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The Ingram Family

Posted by Rabobank Australia on

‘Cautiously optimistic’, it’s an oftentimes overused phrase, but for many farmers cropping in Central Queensland (CQ), it captures current emotions perfectly.

Widespread rain in July topped up water stores and has set some farmers up for potentially their best winter crop in a decade. Combine the moisture profile with low interest rates and strong commodity prices and it’s no wonder so many producers have a bit of a spring in their step. One of these cautiously optimistic CQ farmers is Robert Ingram (37) who, together with his wife Danni (31) and son Max (2), farms Avondale a 400 hectare irrigation property 12km west of Emerald.

Robert said while all of their crops are under irrigation, they were still very appreciative of the July rain event. “The timing of that rain really couldn’t have been better,” he said. “We were getting low on our allocation and prior to July there really hadn’t been any decent rain falls to top up the dam. The dam is now at 50 per cent, which will have irrigators feeling a lot more comfortable.”

The Ingram family grow a rotation of cotton, popping corn and chickpea under irrigation, although this year Robert has elected to plant additional chickpeas to take advantage of the record price. “We’ve currently got 250 hectares planted to chickpea and 100 hectares of cotton,” Robert said. “As long as the weather now plays its part and we don’t get rained out, it should be a good year for us.”

The Fairbairn irrigation scheme

Avondale has been in the Ingram family since Robert’s parents Bob and Anne purchased it as an undeveloped block in 1978. The Fairbairn Dam had been completed in the early 1970s, and was capable of holding three times the water of Sydney Harbour when filled to capacity. As irrigation channels were built they opened up opportunities for new commodities and industries in the region. Bob was one of the early irrigators and Robert said that anyone who had seen it back then would not recognise it as the same place today.

“It was basically virgin country; Dad developed it into cultivated land, had it levelled for irrigation and began cropping. In the early days he grew a bit of forage hay and oats,” he said.

“We started growing cotton in the early 80s and have continued growing it since then, it still makes up an important part of our rotation.”

Varietal improvement spurs productivity

While they might be growing the same crop, the way it’s grown has definitely changed over the past thirty years. The Ingrams now produce an average of 10 bales of cotton per hectare, a substantial production increase from the seven and a half bales they used to receive.

“Along with better equipment and farming practices the improvement in cotton varieties has been a huge contributor to increasing production.”

“We now have Roundup Ready varieties, which means we can get onto weeds and regrowth early and as needed without worrying about damaging the plant. Spraying early also means we can use fewer applications and still stay on top of the problem, which has additional environmental benefits.”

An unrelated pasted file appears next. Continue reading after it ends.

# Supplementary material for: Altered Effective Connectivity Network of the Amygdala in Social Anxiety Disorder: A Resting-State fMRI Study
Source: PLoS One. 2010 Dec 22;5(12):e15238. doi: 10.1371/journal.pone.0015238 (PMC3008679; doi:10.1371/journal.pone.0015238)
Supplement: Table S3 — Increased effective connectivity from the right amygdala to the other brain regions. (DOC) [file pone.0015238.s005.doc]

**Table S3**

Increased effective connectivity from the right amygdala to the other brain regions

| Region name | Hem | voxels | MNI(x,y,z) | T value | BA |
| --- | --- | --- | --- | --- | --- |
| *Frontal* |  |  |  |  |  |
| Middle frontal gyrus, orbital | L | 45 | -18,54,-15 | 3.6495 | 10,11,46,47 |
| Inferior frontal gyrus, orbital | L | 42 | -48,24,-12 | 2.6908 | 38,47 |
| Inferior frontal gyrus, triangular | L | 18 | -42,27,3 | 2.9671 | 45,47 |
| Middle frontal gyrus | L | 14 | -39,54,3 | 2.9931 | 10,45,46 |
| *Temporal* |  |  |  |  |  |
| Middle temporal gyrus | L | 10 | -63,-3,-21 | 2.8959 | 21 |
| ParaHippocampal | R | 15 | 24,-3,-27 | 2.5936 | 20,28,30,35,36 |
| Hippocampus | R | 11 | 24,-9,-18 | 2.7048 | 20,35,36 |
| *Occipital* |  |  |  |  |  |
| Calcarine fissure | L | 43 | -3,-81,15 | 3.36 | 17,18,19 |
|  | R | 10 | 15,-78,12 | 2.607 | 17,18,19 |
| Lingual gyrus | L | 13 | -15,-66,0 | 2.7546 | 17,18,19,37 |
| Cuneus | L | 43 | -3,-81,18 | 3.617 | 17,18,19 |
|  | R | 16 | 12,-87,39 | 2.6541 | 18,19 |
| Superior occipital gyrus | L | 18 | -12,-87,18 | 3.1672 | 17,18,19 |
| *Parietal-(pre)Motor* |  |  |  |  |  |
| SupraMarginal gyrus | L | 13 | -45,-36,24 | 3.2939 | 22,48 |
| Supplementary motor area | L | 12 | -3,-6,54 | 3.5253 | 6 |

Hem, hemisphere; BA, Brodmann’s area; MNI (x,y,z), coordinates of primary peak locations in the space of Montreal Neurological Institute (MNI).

Rotating between corn, chickpea and cotton has increased cashflow for the Ingram’s business and reduced risk while also increasing soil health. “The three crops fit well into our winter/summer rotation,” Robert said. “Corn also has the added benefit of being a good break crop for disease.”

The most recent additions to the ‘Avondale’ irrigating arsenal have been two centre pivots that Robert said have enabled even greater flexibility for their business. “The country that we needed to irrigate was up a bit of a slope so we needed to go in this direction, but the beauty of overhead irrigating is the speed at which we can harvest and replant,” he said. When the Ingrams decided to add the most recent centre pivot, one of the first people they checked in with was their Rabobank Rural Manager, Leon Roberts.

“Leon really understands our business and I think Rabobank seems to understand farmers more than the other banks."

“There are things we do in our business that other banks might see as financially risky but because Leon really understands what we do he will go in and bat for us to get the finance we need.”

Every man needs a shed

After all the years working with them, Leon said he feels like more of a friend to the Ingrams than a banker, and even makes regular visits to the Avondale shed drinks. “We older blokes used to always meet up with Bob at the Avondale shed on a Thursday evening to catch up and socialize,” Leon said.

“After Bob’s passing Robert encouraged the shed drinks to continue, it might sound frivolous but having somewhere that neighbours can meet up, have a laugh and maybe even share a concern is important in the agricultural industry, which can often be pretty isolated.”

For Robert, it’s back to planting cotton, but with the sun shining, crops growing and a brother or sister for Max due very soon, Robert and Danni look set to continue to greet their cautiously optimistic neighbours at the Avondale shed.